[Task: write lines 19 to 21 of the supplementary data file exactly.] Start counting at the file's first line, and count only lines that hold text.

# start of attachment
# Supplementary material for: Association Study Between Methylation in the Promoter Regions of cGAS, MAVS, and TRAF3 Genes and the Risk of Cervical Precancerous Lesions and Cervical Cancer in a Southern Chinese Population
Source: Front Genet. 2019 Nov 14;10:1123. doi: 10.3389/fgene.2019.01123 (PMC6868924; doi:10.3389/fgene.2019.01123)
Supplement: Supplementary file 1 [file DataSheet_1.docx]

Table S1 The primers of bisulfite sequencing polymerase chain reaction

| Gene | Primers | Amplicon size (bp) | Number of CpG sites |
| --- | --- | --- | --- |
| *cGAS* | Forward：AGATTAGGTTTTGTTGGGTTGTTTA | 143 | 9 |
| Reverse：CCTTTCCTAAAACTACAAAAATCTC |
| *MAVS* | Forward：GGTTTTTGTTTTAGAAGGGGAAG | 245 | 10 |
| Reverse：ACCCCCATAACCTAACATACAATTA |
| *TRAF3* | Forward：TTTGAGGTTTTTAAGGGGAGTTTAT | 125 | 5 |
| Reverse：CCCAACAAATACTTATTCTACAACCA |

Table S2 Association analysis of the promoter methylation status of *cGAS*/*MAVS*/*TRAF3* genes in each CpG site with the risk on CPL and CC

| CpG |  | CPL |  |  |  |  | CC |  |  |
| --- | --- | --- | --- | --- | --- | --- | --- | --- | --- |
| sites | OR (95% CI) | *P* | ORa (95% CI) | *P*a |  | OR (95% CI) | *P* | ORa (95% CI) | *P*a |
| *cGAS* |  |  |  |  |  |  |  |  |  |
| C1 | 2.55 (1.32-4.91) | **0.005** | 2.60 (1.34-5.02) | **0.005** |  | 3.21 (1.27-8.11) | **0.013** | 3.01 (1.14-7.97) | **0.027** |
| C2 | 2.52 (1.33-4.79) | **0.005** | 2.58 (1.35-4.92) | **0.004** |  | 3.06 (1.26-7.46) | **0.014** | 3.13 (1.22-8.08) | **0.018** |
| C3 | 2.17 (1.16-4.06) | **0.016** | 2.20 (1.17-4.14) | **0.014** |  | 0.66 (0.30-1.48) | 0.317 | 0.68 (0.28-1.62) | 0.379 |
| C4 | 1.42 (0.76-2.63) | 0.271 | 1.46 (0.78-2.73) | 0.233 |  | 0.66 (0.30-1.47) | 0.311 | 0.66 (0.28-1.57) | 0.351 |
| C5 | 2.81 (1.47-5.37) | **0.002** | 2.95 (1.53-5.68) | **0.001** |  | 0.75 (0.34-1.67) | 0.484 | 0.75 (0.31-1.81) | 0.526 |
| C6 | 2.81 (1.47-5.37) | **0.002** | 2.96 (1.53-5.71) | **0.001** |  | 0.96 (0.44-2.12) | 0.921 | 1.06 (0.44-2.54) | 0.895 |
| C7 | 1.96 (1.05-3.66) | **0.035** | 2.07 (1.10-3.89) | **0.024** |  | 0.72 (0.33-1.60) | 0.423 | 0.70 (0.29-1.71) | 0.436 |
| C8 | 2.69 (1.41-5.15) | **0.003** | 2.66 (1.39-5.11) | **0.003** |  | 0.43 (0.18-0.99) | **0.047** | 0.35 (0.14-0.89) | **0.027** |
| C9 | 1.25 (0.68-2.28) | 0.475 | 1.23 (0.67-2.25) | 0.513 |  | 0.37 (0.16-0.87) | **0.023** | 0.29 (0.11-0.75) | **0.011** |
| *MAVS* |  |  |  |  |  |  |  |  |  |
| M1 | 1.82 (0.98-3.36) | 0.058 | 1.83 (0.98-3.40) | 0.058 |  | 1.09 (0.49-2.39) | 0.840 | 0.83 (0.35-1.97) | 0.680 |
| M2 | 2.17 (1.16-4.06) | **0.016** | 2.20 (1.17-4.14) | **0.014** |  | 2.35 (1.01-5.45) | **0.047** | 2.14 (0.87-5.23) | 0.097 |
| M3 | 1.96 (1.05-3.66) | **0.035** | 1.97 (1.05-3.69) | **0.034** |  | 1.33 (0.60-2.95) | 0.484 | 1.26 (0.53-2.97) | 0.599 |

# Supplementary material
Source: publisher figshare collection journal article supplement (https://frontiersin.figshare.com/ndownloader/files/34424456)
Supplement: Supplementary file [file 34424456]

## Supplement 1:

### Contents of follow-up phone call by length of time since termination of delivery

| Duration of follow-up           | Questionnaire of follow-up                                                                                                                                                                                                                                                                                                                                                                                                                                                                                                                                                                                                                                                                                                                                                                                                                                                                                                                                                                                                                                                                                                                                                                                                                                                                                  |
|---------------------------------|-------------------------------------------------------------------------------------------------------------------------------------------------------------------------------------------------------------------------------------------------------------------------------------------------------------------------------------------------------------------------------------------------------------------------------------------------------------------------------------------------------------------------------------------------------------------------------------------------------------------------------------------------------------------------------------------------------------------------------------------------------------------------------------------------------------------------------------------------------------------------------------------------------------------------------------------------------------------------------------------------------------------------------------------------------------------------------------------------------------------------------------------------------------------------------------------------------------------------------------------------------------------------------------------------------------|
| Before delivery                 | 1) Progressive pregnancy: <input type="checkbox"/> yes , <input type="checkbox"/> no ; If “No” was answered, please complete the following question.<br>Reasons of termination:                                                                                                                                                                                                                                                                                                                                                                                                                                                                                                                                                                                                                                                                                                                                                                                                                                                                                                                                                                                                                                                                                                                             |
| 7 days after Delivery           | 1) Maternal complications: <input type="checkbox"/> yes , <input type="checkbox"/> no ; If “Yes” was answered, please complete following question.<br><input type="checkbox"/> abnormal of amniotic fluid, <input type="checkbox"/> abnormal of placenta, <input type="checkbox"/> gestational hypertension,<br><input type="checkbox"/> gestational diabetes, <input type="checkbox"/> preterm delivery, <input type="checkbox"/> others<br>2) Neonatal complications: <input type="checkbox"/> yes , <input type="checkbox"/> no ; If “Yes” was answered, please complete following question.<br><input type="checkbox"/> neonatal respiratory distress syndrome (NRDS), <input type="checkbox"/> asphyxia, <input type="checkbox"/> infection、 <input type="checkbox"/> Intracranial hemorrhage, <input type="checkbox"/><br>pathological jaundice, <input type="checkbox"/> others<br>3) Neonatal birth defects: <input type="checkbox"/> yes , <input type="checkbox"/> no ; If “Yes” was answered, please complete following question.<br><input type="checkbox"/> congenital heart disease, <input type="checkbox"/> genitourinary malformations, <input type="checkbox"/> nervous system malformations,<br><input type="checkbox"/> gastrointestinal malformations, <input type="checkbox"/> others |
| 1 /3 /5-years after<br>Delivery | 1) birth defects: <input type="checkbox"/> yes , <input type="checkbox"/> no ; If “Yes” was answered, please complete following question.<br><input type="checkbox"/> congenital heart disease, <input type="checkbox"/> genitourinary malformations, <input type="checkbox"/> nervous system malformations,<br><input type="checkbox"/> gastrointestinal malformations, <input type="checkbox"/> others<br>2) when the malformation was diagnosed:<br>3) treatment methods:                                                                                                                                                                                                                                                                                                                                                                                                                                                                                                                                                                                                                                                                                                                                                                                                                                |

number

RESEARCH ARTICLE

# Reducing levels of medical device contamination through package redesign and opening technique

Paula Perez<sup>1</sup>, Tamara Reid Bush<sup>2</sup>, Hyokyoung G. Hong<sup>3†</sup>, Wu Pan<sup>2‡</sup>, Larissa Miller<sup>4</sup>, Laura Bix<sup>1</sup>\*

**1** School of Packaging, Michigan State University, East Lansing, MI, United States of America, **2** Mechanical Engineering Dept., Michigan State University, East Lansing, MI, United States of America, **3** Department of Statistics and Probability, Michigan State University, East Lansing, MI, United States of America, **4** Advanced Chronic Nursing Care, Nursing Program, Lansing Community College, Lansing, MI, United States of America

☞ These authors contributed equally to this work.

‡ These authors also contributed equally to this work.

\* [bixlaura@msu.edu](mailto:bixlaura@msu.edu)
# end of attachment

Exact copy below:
| C2 | 2.52 (1.33-4.79) | **0.005** | 2.58 (1.35-4.92) | **0.004** |  | 3.06 (1.26-7.46) | **0.014** | 3.13 (1.22-8.08) | **0.018** |
| C3 | 2.17 (1.16-4.06) | **0.016** | 2.20 (1.17-4.14) | **0.014** |  | 0.66 (0.30-1.48) | 0.317 | 0.68 (0.28-1.62) | 0.379 |
| C4 | 1.42 (0.76-2.63) | 0.271 | 1.46 (0.78-2.73) | 0.233 |  | 0.66 (0.30-1.47) | 0.311 | 0.66 (0.28-1.57) | 0.351 |